The National Cancer Institute confirmed Friday that federal officials are taking a closer look at a troubled $3 billion cancer-fighting effort in Texas that is under a criminal investigation over a lucrative taxpayer-funded grant awarded by the state agency.
The Cancer Prevention and Research Institute of Texas touts its status as an NCI-approved funding entity — an exclusive group headlined by the nation's most prominent cancer organizations. The list is fewer than two dozen and includes the American Cancer Society, Susan G. Komen for the Cure and federal entities like the Center for Disease Control and Prevention.
The designation is a federal seal-of-approval that signals high peer review standards and conflict of interest policies. Yearlong turmoil within the Texas institute, or CPRIT, reached a new peak this week when the agency's beleaguered chief executive asked to resign and prosecutors opened cases following an $11 million grant to a private company that was revealed to have bypassed an independent review.
NCI spokeswoman Aleea Farrakh Khan told The Associated Press that officials are "evaluating recent events" at CPRIT. She said officials have not made decisions or contacted the agency directly.
Members of CPRIT's governing board did not immediately return an email seeking comment.
An NCI designation is not required for CPRIT to continue running the nation's second-largest pot of cancer research dollars, Khan said. But jeopardizing that status — and especially losing it — would be a severe blow to CPRIT's reputation, which already has been battered by sweeping resignations, internal accusations of politics trumping science and now a criminal investigation.
A recent internal audit at CPRIT discovered an $11 million funding request from Dallas-based Peloton Therapeutics was approved without the agency ever scrutinizing the proposal's merits. The revelation came only months after two Nobel laureates and other top scientists left the agency in protest over a $20 million grant some accused of being rushed to approval without a proper peer review.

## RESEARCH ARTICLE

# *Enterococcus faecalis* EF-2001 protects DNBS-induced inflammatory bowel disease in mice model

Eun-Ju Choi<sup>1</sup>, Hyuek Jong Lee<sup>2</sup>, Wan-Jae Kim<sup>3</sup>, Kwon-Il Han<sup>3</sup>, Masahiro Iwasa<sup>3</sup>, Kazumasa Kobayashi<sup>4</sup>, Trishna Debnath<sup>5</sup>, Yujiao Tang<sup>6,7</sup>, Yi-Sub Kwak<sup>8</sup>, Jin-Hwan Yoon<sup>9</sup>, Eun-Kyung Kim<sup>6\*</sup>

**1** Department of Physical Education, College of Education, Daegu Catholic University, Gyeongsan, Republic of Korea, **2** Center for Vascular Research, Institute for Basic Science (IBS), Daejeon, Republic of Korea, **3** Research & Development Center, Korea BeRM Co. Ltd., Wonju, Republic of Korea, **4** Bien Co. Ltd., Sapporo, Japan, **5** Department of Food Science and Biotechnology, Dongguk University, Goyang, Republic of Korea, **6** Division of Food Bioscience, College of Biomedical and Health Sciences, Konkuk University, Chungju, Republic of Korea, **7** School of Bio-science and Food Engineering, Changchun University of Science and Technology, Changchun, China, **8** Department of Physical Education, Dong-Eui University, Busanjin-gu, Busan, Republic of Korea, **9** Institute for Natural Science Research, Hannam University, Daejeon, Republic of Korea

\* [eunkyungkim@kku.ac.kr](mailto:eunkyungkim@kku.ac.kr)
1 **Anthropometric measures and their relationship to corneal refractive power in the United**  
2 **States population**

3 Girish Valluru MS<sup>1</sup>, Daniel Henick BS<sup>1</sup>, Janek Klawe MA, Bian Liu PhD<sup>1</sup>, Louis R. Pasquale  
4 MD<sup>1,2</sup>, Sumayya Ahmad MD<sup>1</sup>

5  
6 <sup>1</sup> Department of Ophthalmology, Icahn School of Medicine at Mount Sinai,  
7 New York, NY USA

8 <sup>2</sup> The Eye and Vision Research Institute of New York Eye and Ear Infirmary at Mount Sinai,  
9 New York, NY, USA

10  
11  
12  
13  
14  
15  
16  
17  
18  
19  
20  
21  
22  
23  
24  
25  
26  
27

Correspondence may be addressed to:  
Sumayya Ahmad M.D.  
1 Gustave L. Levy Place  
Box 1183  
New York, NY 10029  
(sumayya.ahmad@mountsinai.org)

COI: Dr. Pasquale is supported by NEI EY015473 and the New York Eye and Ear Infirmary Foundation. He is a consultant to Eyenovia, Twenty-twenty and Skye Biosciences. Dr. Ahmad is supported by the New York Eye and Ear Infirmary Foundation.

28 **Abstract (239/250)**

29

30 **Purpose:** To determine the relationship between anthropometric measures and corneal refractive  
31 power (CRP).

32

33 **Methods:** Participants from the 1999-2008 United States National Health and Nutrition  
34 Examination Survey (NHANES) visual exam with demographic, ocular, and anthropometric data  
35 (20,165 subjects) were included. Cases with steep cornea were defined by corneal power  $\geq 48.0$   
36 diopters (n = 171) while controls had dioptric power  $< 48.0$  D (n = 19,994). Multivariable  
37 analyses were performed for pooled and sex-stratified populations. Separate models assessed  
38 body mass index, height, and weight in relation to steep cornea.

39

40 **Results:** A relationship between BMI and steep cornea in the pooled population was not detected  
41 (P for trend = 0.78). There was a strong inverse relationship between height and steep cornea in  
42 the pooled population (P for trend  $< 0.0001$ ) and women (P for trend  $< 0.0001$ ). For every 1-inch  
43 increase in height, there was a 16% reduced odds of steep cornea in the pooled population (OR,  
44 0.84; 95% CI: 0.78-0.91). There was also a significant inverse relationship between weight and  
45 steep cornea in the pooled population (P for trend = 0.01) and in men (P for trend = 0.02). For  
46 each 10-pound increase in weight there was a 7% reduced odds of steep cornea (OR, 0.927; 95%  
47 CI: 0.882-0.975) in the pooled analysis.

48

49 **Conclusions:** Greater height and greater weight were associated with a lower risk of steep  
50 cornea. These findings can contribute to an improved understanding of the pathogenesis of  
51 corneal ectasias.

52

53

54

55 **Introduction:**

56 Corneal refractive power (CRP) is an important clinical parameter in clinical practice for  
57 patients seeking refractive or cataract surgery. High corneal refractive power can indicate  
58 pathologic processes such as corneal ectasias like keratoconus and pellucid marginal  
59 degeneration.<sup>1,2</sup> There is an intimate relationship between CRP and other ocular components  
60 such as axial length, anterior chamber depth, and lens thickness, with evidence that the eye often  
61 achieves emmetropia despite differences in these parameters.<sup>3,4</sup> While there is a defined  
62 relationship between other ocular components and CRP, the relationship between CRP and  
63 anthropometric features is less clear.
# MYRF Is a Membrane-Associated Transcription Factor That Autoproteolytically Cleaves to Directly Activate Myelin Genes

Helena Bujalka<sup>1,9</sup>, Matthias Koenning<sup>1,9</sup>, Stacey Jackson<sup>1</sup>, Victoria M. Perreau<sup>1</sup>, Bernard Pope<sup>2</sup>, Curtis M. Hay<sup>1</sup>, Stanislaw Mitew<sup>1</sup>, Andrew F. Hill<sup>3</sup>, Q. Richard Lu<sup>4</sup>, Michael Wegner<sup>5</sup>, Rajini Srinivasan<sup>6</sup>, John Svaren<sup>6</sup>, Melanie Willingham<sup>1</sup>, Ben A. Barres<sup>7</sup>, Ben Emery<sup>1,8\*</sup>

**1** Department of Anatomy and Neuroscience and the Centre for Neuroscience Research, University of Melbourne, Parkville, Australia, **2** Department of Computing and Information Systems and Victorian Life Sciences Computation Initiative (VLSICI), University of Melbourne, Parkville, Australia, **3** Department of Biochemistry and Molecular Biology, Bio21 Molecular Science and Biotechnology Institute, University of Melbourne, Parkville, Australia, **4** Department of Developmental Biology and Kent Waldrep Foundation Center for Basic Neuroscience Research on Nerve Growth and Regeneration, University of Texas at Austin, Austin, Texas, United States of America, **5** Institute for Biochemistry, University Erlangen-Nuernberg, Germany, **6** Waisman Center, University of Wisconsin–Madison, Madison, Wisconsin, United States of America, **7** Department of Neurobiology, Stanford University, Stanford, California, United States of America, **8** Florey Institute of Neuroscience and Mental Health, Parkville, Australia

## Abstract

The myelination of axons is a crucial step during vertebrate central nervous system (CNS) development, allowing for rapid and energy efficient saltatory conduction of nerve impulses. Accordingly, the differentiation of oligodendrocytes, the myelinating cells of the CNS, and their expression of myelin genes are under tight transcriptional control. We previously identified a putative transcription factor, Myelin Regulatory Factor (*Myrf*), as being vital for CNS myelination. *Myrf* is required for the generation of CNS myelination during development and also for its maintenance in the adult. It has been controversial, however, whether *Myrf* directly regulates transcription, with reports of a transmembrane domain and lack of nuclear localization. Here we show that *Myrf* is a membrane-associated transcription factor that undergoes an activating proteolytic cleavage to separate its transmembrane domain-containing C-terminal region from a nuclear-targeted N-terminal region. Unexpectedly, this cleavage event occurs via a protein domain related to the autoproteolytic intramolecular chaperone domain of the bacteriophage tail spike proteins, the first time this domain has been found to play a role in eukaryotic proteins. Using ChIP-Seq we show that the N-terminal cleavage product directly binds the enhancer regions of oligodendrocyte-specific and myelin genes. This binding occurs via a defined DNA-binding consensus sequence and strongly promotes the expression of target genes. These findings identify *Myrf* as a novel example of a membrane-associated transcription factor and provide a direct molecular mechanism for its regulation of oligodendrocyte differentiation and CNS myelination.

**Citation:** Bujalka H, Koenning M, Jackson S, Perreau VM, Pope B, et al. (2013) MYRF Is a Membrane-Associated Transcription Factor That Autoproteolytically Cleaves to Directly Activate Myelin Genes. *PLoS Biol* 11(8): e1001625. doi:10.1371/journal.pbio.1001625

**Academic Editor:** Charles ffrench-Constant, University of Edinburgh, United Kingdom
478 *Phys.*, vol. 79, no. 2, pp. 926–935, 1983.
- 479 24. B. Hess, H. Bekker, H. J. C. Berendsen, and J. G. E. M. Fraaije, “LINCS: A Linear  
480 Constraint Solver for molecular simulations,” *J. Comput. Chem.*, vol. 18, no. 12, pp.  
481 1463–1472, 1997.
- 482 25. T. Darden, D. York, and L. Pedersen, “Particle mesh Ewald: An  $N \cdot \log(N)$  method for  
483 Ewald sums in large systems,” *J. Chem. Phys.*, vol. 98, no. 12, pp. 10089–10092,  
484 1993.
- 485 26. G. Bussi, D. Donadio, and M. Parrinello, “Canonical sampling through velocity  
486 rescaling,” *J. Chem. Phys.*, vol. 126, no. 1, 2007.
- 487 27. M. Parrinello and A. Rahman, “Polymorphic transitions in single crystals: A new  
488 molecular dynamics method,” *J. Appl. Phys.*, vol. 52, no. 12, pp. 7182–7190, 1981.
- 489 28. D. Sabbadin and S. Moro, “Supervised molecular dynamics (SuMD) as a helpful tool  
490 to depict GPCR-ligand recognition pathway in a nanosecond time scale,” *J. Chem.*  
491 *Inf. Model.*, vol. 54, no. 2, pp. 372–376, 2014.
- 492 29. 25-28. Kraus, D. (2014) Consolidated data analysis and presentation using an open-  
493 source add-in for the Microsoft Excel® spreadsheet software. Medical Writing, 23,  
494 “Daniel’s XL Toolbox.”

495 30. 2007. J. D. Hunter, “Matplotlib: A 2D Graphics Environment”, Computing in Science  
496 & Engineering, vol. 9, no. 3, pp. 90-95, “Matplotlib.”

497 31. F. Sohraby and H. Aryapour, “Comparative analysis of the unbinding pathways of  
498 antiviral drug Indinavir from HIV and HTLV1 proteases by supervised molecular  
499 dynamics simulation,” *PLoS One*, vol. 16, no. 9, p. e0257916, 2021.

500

While CPRIT is funded by taxpayers, donors to cancer nonprofits might look to an NCI designation for assurance that their money is in good hands.
"It says, 'If I'm donating money to this agency, if NCI is approving them, that means NCI says it's handling its money well,'" Khan said.
Khan added that CPRIT's inclusion on the list does not mean all of its funding mechanisms are NCI-approved.
There is no funding relationship between the NCI and CPRIT.
An entire page of CPRIT's website is devoted to boasting its NCI designation. The agency says the status is important because it means cancer centers in Texas seeking its own NCI designation — so as to reassure patients or bolster recruitment — can include CPRIT research dollars in their calculations to maintain levels needed to be NCI approved.
"This enhances Texas' ability to leverage additional federal funding for cancer research and raises Texas' profile as a center for cancer research," according to the website.
Executive Director Bill Gimson submitted his resignation letter Tuesday but offered to stay on through January. He has described Peloton's improper funding as an honest mistake and said no one associated with CPRIT stood to personally profit from the company's award.
Prosecutors have not made any specific criminal allegations. Launching separate investigations into CPRIT are the Texas attorney general's office and the Travis County district attorney's public integrity unit, which investigates criminal misconduct within state government.
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